A pre- and postnatal developmental toxicity study in rats with additional endpoints to evaluate bone development was performed with esomeprazole magnesium at oral doses of 14 to 280 mg/kg/day (about 3.4 to 57 times an oral human dose of 40 mg on a body surface area basis). Neonatal/early postnatal (birth to weaning) survival was decreased at doses equal to or greater than 138 mg/kg/day (about 33 times an oral human dose of 40 mg on a body surface area basis). Body weight and body weight gain were reduced and neurobehavioral or general developmental delays in the immediate post-weaning timeframe were evident at doses equal to or greater than 69 mg/kg/day (about 16.8 times an oral human dose of 40 mg on a body surface area basis). In addition, decreased femur length, width and thickness of cortical bone, decreased thickness of the tibial growth plate and minimal to mild bone marrow hypocellularity were noted at doses equal to or greater than 14 mg/kg/day (about 3.4 times an oral human dose of 40 mg on a body surface area basis). Physeal dysplasia in the femur was observed in offspring of rats treated with oral doses of esomeprazole magnesium at doses equal to or greater than 138 mg/kg/day (about 33.6 times an oral human dose of 40 mg on a body surface area basis).
Effects on maternal bone were observed in pregnant and lactating rats in a pre- and postnatal toxicity study when esomeprazole magnesium was administered at oral doses of 14 to 280 mg /kg/day (about 3.4 to 57 times an oral human dose of 40 mg on a body surface area basis). When rats were dosed from gestational day 7 through weaning on postnatal day 21, a statistically significant decrease in maternal femur weight of up to 14% (as compared to placebo treatment) was observed at doses equal to or greater than 138 mg/kg/day (about 33.6 times an oral human dose of 40 mg on a body surface area basis).
A pre- and postnatal development study in rats with esomeprazole strontium (using equimolar doses compared to esomeprazole magnesium study) produced similar results in dams and pups as described above.
The excretion of esomeprazole in milk has not been studied. However, omeprazole concentrations have been measured in breast milk of a woman following oral administration of 20 mg. Because esomeprazole is likely to be excreted in human milk, because of the potential for serious adverse reactions in nursing infants from esomeprazole, and because of the potential for tumorigenicity shown for omeprazole in rat carcinogenicity studies, a decision should be made whether to discontinue nursing or to discontinue the drug, taking into account the importance of the drug to the mother.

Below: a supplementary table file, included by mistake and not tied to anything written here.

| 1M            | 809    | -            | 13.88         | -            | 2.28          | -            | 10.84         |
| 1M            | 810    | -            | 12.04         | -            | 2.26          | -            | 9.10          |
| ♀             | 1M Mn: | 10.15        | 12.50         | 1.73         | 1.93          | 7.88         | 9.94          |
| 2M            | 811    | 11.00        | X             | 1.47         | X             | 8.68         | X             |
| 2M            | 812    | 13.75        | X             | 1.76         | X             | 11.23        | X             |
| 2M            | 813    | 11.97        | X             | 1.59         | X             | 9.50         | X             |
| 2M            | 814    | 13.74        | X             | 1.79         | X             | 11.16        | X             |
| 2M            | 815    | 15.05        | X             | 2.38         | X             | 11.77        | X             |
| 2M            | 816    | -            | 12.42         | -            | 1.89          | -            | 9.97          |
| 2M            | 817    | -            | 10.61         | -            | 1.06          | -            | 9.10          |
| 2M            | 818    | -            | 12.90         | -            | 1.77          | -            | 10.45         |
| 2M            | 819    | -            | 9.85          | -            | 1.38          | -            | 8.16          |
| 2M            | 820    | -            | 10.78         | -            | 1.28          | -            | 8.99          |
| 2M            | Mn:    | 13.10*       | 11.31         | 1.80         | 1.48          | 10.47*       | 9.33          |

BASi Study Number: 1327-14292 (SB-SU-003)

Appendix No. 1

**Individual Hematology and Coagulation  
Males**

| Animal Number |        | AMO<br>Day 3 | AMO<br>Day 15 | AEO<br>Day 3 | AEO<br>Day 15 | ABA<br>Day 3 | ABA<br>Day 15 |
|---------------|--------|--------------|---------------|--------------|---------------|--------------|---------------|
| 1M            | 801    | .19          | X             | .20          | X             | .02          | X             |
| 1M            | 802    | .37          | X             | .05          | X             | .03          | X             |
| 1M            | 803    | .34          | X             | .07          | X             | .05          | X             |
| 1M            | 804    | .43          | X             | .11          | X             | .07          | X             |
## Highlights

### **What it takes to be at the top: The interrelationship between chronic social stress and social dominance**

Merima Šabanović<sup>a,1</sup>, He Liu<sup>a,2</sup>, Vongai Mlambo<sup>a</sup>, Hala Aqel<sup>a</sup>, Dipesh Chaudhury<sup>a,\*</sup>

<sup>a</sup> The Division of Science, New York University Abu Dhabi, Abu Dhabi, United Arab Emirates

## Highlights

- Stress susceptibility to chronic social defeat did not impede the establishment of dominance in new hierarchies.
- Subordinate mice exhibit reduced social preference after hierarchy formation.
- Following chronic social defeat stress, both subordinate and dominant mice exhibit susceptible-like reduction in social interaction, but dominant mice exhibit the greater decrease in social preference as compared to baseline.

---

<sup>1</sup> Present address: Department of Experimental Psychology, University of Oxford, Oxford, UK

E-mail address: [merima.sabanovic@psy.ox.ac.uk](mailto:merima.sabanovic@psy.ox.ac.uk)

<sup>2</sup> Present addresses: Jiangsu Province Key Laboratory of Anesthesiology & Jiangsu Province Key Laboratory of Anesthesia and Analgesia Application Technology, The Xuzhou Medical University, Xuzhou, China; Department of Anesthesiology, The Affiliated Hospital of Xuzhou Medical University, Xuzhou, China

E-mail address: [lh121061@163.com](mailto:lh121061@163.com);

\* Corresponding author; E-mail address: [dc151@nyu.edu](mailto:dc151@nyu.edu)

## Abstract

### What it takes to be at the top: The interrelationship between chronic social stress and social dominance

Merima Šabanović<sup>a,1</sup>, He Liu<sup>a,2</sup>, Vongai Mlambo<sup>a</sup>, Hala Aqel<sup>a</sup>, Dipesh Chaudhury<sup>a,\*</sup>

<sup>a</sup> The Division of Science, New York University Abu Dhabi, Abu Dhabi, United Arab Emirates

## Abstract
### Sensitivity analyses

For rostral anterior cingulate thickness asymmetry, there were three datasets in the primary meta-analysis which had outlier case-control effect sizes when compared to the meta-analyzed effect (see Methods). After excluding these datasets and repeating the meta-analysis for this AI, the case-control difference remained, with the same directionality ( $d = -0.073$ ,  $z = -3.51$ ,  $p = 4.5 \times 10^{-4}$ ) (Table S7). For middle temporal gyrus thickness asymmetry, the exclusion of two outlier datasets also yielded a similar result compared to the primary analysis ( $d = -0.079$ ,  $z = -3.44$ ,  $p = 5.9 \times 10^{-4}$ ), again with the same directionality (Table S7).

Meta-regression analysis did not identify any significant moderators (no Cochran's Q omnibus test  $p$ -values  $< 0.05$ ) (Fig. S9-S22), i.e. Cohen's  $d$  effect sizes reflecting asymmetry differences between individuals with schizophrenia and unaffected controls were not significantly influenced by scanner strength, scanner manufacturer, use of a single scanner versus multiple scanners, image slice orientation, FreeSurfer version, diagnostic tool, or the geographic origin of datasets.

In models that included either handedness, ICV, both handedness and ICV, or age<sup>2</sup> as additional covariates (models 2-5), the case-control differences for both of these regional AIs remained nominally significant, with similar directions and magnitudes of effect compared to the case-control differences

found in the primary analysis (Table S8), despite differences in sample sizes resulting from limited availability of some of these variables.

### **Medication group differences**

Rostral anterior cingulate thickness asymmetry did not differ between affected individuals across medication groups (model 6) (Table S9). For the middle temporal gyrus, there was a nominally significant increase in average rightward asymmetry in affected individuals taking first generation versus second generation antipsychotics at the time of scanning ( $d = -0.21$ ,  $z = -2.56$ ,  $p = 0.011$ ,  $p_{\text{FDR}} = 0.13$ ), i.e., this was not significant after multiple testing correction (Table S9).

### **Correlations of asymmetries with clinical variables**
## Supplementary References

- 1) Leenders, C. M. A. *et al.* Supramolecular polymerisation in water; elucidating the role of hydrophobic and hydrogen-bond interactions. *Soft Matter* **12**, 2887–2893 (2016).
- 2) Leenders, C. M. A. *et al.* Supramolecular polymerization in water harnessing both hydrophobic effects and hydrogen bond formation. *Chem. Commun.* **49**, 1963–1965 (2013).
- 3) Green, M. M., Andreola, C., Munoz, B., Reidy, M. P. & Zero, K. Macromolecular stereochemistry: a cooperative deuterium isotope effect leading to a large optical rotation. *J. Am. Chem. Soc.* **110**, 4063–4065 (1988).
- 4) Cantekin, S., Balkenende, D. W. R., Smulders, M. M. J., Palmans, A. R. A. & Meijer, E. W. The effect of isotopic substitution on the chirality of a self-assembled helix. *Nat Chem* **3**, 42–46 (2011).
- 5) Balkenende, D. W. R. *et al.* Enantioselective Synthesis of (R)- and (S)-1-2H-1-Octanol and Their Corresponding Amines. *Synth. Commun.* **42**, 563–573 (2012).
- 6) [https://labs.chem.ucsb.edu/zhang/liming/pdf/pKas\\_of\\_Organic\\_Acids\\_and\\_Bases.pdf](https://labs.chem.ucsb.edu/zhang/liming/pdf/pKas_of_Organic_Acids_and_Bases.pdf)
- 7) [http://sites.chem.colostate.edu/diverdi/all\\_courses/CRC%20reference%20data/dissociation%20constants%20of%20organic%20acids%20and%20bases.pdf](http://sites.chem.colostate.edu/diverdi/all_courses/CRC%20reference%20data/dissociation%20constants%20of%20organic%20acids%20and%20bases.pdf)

The safety and effectiveness of NEXIUM I.V. for Injection have been established in pediatric patients 1 month to 17 years of age for short-term treatment of GERD with Erosive Esophagitis [see CLINICAL PHARMACOLOGY, Pharmacokinetics]. However, effectiveness has not been established in patients less than 1 month of age.
1 month to 17 years of age
Use of NEXIUM I.V. for Injection in pediatric patients 1 month to 17 years of age for short-term treatment of GERD with Erosive Esophagitis is supported by: a) results observed from a pharmacokinetic (PK) study on NEXIUM I.V. for Injection performed in pediatric patients, b) predictions from a population PK model comparing I.V. PK data between adult and pediatric patients, and c) relationship between exposure and pharmacodynamic results obtained from adult I.V. and pediatric oral data and d) PK results already included in the current approved labeling and from adequate and well-controlled studies that supported the approval of NEXIUM I.V. for Injection for adults.
Neonates 0 to 1 month of age
Following administration of NEXIUM I.V. in neonates the geometric mean (range) for CL was 0.17 L/h/kg (0.04 L/h/kg- 0.32 L/h/kg).
The safety and effectiveness of NEXIUM I.V. in neonates have not been established.
Juvenile Animal Data
In a juvenile rat toxicity study, esomeprazole was administered with both magnesium and strontium salts at oral doses about 34 to 57 times a daily human dose of 40 mg based on body surface area. Increases in death were seen at the high dose, and at all doses of esomeprazole, there were decreases in body weight, body weight gain, femur weight and femur length, and decreases in overall growth [see Nonclinical Toxicology].
Of the total number of patients who received oral NEXIUM in clinical trials, 1,459 were 65 to 74 years of age and 354 patients were ≥ 75 years of age.
No overall differences in safety and efficacy were observed between the elderly and younger individuals, and other reported clinical experience has not identified differences in responses between the elderly and younger patients, but greater sensitivity of some older individuals cannot be ruled out.
For adult patients with GERD, no dosage adjustment is necessary in patients with mild to moderate hepatic insufficiency (Child Pugh Classes A and B). For patients with severe hepatic insufficiency (Child Pugh Class C) a dose of 20 mg once daily should not be exceeded [see DOSAGE AND ADMINISTRATION, CLINICAL PHARMACOLOGY].
For adult patients with bleeding gastric or duodenal ulcers and liver impairment, no dosage adjustment of the initial esomeprazole 80 mg infusion is necessary. For adult patients with mild to moderate liver impairment (Child Pugh Classes A and B), a maximum continuous infusion of esomeprazole 6 mg/h should not be exceeded. For adult patients with severe liver impairment (Child Pugh Class C), a maximum continuous infusion of 4 mg/h should not be exceeded [see DOSAGE AND ADMINISTRATION, CLINICAL PHARMACOLOGY].
Last reviewed on RxList: 3/19/2014
This monograph has been modified to include the generic and brand name in many instances.